Most transportation data in North America are linearly referenced in a one-dimensional (1-D) model. The implications of spatial data quality in the 1-D model are not well understood, placing significant limitations on the value of analyses using these data and the efficacy of subsequent decision making. National spatial data quality standards have been established for 2-D and 3-D data. These standards allow users to understand the robustness of the data and to make judgments concerning the level of risk in decision making.
Many methods have been used to measure the positions of objects or events relative to the highway network, and emerging technologies, such as Global Positioning Systems (GPS), are providing highly efficient means for accurately establishing 2-D and 3-D positions that can be used to rapidly and conveniently locate point features such as accidents, signs, and intersections. GPS can also be used for locating moving vehicles in real time. Recently, data-collection vehicles with GPS positioning capability have been acquired by some transportation agencies to support highway inventories and photologging. Difficulties arise with the use of GPS technology because, traditionally, the location component of a data item is captured in coordinates (2-D) that must be transformed to some linear reference such as log-mile point (1-D). Moreover, analytical operations on spatial data, in support of transportation applications, are complicated because coordinate geometry cannot be applied to positions referenced in linear space (e.g., the distance from A to B is measured along a path, not along a straight line between coordinates).
There are a variety of needs that provide impetus for developing a better understanding and means to assess positional-data quality (i.e., 1-D spatial data). Decision makers need to understand the implications of positional-data quality on device and system capabilities, because increased quality implies higher costs. For example, the designers and managers of GIS need guidance on the appropriate scales and number of calibration points in formulating DOT base maps. Persons involved in using GIS-generated data summaries need to know the bounds on "true" location that can be derived from the integration of diverse data sources (e.g., data collected using distance measuring instruments and GPS). There is also the need for methods that will allow the transformation between location referencing systems in the field and in the office and measures of the confidence limits of these transformations. This research is intended to compile and develop information needed to address issues related to positional-data quality and to formulate methodologies to analyze the impacts or effects when considering trade-offs or transforming the location data obtained from different measurement systems.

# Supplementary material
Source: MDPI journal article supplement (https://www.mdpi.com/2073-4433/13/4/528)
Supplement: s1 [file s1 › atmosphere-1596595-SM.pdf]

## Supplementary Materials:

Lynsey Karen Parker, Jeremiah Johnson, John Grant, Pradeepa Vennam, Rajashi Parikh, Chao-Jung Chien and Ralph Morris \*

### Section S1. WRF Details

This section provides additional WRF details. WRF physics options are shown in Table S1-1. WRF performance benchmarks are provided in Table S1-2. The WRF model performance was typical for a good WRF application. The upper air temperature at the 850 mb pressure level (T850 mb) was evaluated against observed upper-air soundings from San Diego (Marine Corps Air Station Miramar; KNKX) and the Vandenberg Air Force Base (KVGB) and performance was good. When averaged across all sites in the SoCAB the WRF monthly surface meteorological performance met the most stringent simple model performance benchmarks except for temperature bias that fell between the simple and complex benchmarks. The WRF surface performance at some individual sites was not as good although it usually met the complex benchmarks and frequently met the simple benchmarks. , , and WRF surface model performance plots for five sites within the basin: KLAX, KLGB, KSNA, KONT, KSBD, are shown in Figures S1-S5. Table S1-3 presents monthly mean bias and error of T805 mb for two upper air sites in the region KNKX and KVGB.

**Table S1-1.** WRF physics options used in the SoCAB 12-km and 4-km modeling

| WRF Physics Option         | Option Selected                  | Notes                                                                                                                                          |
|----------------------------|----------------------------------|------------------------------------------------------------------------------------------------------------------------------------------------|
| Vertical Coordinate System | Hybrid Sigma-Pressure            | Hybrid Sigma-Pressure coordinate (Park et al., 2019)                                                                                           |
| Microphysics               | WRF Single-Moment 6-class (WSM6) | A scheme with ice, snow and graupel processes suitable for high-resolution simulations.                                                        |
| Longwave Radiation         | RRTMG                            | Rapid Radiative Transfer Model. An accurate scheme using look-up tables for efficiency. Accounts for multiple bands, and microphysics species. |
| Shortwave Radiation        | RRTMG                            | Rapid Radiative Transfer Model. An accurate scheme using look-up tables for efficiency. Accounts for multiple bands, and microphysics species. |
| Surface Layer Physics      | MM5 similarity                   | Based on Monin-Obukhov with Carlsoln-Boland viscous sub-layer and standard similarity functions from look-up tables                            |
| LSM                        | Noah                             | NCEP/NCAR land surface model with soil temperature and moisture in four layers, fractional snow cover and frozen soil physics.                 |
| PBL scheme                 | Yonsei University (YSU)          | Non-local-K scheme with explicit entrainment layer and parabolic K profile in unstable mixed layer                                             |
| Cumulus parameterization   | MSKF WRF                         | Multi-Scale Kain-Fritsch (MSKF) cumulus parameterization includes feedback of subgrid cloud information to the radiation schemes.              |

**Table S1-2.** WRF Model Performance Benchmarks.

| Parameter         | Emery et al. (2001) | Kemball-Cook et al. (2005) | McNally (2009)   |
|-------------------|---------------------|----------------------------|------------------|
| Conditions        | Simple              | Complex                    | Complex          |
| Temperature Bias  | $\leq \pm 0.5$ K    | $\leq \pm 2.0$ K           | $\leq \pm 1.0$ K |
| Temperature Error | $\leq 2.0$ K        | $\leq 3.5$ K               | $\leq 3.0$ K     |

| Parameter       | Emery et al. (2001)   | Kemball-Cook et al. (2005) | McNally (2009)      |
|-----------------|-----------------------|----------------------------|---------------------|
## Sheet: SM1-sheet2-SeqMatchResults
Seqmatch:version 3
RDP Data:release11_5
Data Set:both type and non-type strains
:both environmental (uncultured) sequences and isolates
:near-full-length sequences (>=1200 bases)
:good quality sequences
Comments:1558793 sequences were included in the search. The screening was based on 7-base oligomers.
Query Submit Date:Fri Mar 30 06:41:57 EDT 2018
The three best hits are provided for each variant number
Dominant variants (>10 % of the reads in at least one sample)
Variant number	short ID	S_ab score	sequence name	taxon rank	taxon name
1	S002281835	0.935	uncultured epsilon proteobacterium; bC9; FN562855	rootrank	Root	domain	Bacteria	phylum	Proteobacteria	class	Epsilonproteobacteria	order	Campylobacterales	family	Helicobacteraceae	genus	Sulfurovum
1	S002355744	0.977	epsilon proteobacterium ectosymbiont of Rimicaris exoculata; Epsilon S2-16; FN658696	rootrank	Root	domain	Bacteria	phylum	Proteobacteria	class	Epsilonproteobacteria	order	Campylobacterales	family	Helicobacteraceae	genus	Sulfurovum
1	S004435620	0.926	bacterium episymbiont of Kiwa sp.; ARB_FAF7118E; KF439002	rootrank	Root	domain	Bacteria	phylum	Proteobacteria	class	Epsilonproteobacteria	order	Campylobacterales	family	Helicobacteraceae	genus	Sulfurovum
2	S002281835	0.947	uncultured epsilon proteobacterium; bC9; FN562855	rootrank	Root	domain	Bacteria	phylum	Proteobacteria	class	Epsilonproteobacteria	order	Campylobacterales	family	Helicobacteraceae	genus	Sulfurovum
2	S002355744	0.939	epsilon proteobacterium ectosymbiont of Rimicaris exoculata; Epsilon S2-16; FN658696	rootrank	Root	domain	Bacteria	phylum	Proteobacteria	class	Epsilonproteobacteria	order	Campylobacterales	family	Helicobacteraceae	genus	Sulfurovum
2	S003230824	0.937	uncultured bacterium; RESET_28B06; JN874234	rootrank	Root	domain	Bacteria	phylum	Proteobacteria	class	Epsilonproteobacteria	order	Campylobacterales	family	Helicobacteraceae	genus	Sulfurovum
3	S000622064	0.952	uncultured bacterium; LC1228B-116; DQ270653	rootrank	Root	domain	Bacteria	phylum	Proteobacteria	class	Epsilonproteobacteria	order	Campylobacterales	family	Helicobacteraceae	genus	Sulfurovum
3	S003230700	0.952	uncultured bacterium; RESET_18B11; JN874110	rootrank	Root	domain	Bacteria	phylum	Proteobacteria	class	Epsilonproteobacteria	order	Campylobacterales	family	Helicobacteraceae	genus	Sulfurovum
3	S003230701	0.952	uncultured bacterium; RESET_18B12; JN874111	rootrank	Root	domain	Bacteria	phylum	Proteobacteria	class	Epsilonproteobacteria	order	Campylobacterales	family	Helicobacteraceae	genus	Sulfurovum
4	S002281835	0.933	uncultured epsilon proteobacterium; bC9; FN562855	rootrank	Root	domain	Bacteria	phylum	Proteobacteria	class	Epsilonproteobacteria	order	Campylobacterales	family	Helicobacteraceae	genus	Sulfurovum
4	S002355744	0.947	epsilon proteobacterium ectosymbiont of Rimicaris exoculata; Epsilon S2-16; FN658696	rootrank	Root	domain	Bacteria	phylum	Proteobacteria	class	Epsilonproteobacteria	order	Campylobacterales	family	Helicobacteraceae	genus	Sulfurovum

The objectives of this research are to (1) identify the positional-data quality needs for common transportation applications, (2) document the effectiveness of various techniques for establishing spatial positions, (3) develop methodologies for assessing the impacts of positional-data accuracy in transformations between measurement techniques and spatial referencing systems, and (4) package the findings into materials that can be readily implemented by DOT personnel.
For this project, all types of spatial data should be included with a primary focus on linearly referenced data that is predominant in transportation agencies. Also, positional-data quality is intended to include, at least, data accuracy, precision, and resolution.